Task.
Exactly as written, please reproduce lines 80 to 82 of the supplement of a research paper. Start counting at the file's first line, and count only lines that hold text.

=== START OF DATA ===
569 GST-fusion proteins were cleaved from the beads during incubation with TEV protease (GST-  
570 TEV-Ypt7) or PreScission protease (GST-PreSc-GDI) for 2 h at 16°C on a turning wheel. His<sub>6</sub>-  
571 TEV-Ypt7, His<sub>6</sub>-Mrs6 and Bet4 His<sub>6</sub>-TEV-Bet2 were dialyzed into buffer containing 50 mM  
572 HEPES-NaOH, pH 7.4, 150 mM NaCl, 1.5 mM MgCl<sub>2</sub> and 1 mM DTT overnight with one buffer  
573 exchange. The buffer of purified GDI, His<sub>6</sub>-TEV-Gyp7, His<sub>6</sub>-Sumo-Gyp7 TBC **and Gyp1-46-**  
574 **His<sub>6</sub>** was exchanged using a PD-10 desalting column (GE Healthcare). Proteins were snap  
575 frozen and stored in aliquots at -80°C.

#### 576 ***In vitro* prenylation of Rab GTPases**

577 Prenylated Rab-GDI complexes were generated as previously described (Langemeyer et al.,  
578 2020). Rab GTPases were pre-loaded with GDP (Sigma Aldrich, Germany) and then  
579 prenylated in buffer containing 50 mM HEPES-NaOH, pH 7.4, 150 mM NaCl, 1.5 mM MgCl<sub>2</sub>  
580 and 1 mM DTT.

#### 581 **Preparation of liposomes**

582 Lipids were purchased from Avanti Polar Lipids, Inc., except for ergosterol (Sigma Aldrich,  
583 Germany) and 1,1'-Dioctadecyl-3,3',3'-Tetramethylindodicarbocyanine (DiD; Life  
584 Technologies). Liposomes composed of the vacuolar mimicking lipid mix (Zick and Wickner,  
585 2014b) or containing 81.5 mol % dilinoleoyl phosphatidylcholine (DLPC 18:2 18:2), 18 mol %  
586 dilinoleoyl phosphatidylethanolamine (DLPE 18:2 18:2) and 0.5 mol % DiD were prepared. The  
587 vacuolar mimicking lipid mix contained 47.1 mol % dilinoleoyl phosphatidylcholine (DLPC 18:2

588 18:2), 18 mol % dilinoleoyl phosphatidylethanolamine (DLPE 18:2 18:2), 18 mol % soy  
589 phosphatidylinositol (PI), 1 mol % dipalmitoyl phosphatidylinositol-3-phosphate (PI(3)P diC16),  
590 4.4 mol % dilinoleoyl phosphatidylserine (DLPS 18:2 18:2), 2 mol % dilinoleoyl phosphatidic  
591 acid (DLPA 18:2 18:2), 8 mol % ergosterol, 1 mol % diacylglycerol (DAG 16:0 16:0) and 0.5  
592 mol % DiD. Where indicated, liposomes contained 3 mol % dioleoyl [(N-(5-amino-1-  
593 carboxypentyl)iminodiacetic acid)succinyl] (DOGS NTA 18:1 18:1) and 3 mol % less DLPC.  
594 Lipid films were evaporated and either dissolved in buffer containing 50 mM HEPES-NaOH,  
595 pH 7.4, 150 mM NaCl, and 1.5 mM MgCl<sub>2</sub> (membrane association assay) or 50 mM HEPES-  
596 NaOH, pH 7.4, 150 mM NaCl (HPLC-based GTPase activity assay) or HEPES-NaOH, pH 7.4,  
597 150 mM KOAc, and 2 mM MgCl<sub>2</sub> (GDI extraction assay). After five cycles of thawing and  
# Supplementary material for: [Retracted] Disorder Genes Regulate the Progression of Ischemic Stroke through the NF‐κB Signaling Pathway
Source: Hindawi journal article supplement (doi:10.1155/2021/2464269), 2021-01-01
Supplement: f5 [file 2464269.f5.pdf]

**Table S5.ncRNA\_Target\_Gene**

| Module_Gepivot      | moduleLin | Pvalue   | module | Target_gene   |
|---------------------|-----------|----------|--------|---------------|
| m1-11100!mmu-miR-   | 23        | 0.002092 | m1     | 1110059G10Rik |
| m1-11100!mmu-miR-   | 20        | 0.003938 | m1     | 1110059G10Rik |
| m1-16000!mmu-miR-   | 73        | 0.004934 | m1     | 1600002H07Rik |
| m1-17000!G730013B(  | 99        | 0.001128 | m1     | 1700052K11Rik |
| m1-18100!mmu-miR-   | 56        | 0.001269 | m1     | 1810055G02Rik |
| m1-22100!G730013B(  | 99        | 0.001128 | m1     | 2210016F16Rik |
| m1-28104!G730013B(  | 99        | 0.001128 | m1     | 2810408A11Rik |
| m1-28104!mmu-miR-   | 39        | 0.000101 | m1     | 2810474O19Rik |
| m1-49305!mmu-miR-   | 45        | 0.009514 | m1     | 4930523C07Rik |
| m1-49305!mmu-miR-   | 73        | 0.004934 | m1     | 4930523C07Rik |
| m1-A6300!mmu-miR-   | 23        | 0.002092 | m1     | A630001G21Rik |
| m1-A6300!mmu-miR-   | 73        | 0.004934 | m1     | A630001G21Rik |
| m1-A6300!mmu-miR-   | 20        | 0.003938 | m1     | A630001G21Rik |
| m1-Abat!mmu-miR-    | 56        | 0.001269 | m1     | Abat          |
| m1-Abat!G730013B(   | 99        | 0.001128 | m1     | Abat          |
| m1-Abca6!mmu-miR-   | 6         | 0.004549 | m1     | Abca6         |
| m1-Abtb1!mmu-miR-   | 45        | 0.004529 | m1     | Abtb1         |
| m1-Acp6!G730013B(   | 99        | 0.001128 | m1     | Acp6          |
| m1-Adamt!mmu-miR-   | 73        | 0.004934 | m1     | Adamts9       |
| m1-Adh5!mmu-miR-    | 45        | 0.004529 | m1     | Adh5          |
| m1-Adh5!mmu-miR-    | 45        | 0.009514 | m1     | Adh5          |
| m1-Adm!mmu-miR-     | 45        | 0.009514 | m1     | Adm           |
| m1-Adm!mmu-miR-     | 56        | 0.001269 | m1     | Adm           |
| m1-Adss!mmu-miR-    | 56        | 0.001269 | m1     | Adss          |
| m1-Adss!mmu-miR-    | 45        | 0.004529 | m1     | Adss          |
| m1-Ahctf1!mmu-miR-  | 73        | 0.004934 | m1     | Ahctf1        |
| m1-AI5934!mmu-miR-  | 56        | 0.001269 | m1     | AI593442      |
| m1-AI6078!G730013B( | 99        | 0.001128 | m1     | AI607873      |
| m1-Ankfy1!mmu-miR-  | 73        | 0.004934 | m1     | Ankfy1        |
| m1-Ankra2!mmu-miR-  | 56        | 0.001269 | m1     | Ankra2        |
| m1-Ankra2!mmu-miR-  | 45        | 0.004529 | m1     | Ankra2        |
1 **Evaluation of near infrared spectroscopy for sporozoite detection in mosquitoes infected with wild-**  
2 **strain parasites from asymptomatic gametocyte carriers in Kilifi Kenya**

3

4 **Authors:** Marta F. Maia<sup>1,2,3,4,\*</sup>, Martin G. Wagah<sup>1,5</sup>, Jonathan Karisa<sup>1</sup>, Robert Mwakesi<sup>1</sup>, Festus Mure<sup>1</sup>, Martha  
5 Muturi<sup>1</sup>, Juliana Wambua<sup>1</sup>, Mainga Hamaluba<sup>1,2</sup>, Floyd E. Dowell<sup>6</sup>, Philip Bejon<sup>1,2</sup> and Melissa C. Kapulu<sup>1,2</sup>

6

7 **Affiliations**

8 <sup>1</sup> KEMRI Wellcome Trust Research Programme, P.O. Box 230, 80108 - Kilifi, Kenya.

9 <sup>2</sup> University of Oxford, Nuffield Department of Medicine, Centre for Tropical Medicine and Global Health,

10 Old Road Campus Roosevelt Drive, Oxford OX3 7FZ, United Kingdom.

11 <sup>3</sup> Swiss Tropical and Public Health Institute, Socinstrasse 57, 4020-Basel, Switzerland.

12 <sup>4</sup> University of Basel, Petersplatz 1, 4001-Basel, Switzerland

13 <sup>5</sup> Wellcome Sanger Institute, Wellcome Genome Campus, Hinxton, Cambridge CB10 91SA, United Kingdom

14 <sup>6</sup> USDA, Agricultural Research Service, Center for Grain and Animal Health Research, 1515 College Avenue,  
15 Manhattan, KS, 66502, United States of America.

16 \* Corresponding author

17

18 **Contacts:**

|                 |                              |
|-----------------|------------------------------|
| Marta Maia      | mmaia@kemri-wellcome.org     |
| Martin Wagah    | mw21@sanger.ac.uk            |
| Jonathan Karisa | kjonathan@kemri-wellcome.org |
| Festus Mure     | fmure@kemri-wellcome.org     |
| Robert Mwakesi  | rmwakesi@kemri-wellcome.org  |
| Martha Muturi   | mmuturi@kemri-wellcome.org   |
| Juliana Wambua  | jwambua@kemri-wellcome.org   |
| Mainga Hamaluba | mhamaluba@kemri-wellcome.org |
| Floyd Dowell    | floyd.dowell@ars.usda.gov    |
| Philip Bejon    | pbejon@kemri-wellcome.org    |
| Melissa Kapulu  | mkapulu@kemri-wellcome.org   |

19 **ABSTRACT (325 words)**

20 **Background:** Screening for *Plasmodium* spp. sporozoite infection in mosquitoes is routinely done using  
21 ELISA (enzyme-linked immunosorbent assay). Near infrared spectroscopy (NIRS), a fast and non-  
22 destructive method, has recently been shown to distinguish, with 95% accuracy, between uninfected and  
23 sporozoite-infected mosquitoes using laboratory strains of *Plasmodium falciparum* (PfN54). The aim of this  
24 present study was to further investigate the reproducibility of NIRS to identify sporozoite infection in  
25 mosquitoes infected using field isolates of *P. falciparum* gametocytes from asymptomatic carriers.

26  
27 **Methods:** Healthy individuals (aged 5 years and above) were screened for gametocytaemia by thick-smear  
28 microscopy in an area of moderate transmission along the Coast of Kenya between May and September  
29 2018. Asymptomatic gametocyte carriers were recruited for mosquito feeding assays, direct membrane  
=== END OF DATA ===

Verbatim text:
14 <sup>6</sup> USDA, Agricultural Research Service, Center for Grain and Animal Health Research, 1515 College Avenue,  
15 Manhattan, KS, 66502, United States of America.

16 \* Corresponding author